As we gave them a standing round of applause, I recalled my wobbly circumstances. What was a pair of shoes measured against an amorous tryst under an enchanted moon? An embrace on the balconies of Europe with Prince Charming?

Prince C hazarded a quick look at my feet and grimaced as a very unromantic thought escaped.

This dazzling night was going to end where all good affairs end: a serious flirtation with a new pair of glass slippers.


San Diego at the harbor

Spreckles organ pavilion

Museum of Art

Old Globe Theater

Romeo and Juliet


Girl’s gotta do what a girl’s gotta do.

5K On the Bay

There’s a brand new piece of bling in my jewelry box and my earrings are trying to make friends, but the string of pearls won’t even make eye contact.

All silky ribbon and gilt-edged beauty, this little sparkler was coveted from afar, hard won, and brands me forever as a LEGEND.

Read it and weep…

“Just try it,” said my sister, “it’s fun!”

This is not the first time that I have been duped into doing an activity that was clearly designed to kill me, but cleverly disguised as a mentoring opportunity. It is, however, the first time I’ve been awarded a medal for it.

If you’ve never participated in a 5K, let me set the scene:

A 5K is a “small” run, usually connected to a “larger” run such as a half-marathon or 800 meter leopard chase. My sister, and many others, collects 5Ks like bubblegum wrappers. She is running one a month for a year and is halfway through her goal.

Every 5K has a “theme” with swag (party favors that include a water bottle, towel, T-shirt, and coupons for a free beard trim). Today’s run was themed “San Diego Legends” and it included major sports celebrity guests and Hank Bauer as MC.

You can run in costume to show your theme spirit, you can run with a team and wear matching comrade shirts, or you can show up in your finest athletic garb and rock those warm-up stretches like a pro. If your Olympic-level outfit makes you look like a giant asparagus, it will only be overlooked if you come in first place. Otherwise, film will be rolled.

And there are certain things that should never be photographed.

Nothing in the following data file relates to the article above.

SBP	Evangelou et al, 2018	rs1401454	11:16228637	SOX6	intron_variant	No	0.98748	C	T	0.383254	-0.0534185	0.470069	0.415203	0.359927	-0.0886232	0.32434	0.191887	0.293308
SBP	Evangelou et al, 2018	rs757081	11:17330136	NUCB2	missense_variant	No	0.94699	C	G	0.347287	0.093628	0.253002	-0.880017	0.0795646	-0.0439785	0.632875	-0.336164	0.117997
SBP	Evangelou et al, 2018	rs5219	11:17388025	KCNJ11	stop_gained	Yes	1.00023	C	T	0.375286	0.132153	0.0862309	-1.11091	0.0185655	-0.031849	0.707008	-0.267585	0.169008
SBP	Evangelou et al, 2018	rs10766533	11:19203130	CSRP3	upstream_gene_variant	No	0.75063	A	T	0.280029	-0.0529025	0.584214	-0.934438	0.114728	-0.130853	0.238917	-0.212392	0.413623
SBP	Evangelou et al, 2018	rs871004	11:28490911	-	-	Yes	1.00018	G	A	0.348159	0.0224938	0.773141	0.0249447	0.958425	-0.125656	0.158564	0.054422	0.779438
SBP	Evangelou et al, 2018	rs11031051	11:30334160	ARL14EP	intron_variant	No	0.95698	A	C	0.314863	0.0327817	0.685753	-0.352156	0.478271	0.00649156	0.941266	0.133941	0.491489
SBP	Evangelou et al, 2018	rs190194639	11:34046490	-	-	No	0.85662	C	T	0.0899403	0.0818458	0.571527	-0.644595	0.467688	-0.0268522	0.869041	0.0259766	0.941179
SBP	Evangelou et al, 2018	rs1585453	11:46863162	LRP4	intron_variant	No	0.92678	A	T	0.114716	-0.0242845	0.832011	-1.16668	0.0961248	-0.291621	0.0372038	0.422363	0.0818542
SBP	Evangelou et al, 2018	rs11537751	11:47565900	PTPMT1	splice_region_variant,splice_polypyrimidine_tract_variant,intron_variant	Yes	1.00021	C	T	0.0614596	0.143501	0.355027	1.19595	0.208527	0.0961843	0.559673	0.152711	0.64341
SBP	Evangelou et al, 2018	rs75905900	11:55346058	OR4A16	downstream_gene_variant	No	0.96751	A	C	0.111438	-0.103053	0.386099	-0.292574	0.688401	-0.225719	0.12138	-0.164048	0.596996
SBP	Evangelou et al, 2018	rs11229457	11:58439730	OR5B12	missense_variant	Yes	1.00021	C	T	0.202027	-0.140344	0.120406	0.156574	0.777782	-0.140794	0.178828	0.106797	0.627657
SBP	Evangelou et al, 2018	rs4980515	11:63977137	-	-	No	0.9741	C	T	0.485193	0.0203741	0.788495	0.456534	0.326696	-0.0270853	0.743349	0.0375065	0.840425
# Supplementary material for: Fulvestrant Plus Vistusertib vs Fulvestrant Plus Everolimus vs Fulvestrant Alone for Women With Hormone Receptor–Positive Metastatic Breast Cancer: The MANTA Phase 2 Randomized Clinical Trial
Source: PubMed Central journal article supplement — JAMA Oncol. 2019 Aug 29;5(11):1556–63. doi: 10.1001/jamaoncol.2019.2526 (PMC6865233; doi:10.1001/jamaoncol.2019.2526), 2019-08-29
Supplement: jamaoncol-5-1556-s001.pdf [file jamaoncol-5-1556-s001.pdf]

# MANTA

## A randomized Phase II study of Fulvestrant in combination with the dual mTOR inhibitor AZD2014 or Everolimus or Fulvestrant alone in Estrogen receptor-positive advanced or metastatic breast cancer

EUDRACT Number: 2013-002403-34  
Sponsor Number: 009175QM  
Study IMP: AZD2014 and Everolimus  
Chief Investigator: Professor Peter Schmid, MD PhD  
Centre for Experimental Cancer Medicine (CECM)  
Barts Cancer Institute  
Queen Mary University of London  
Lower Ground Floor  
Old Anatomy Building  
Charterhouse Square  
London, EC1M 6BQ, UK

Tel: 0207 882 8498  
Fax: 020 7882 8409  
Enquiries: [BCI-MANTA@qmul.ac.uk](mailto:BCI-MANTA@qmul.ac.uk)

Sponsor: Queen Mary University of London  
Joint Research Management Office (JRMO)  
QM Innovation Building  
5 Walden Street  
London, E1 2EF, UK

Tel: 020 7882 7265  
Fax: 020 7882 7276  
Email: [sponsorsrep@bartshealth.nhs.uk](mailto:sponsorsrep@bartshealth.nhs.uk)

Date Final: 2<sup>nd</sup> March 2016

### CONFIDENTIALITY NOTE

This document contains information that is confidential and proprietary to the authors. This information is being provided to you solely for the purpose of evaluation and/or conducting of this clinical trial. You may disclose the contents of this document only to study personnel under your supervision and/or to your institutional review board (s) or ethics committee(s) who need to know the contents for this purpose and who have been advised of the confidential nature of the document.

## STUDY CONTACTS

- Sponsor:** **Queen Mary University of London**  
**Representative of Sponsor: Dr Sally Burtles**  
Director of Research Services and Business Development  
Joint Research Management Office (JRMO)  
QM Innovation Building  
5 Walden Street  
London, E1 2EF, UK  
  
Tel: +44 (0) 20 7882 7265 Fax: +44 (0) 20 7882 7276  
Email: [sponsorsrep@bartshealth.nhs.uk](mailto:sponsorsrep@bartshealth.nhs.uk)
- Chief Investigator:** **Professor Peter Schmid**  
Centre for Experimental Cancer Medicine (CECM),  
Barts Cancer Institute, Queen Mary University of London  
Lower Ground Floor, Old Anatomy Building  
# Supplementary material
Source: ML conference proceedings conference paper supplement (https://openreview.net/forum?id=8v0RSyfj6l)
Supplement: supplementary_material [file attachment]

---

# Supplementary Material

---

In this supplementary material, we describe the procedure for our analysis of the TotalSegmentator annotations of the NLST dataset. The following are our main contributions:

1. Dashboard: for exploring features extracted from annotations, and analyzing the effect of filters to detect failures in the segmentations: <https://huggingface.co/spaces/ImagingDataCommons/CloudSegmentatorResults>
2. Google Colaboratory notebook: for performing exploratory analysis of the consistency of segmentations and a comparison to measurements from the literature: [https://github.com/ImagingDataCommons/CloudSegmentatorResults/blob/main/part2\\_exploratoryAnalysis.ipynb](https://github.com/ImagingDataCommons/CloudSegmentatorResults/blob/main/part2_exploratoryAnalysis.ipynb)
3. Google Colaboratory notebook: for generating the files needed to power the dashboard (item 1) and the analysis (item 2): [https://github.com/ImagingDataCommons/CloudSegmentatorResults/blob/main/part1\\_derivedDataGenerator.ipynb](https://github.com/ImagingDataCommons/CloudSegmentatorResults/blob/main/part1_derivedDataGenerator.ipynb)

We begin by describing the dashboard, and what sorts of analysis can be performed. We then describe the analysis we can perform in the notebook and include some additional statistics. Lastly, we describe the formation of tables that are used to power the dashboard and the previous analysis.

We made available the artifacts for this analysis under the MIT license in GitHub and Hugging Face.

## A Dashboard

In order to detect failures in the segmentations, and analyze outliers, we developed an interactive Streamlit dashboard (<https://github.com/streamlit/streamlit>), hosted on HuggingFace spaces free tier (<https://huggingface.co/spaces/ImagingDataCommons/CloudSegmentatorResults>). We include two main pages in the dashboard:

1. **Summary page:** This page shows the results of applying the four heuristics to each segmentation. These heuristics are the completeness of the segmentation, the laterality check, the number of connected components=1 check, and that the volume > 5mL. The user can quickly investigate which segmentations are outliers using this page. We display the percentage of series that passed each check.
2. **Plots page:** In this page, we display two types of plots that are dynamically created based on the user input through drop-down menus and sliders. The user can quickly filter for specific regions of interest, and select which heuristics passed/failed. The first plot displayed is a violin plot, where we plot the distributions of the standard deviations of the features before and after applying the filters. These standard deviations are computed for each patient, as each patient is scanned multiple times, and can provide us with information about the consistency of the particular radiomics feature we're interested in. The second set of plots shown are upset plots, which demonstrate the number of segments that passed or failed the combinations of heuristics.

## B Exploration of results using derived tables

Like this.

I decided that bull-riding easily qualifies as a warm-up activity, especially if combined with free-style on the swings and followed with a couple of fast slides into the sandbox.

Once you’re warmed up, you squeeze into the cattle chute with everyone else and wait for the gunshot. You check your shoelaces and your bib and tighten your cap a little. People are hopping up and down. There is just enough time to wonder whether you are about to make a terrible mistake when the gun goes off.

A lady in front of us, startled, dropped her keys, and had one nanosecond to scrabble for them.

We found our place in the herd and I put my head down and focussed on following my sister’s jacket. This is why I didn’t notice the double-wide stroller trying to pass me at the corner. Whining from the vehicle alerted me to a fiercely driving dad as I jumped to safety.

“I don’t want to run a race!” cried a toddler, “I want to stop!”

We plugged along after them, not sure who to commiserate with.

5Ks are held in various locations but you are not supposed to know exactly where it will take you until you are actually running, because surprises make your adrenaline pump faster.

We came to Nimitz Bridge, up and over and back we went, circled the USS Recruit, and zigzagged between views of San Diego Bay and Liberty Station Park. We went around a fallen seven-year-old with skinned knees, a napping residence-challenged person, and a lizard on the sidewalk doing push-ups.

The last sprint to the finish line was epic. We had a record to beat, and my sis was going to PR by less than a minute if we fumbled. Gasping for air on the other side, we realized that the timer was set to the gun, not to our bibs.

In 37 minutes and 45 seconds, we became San Diego Legends.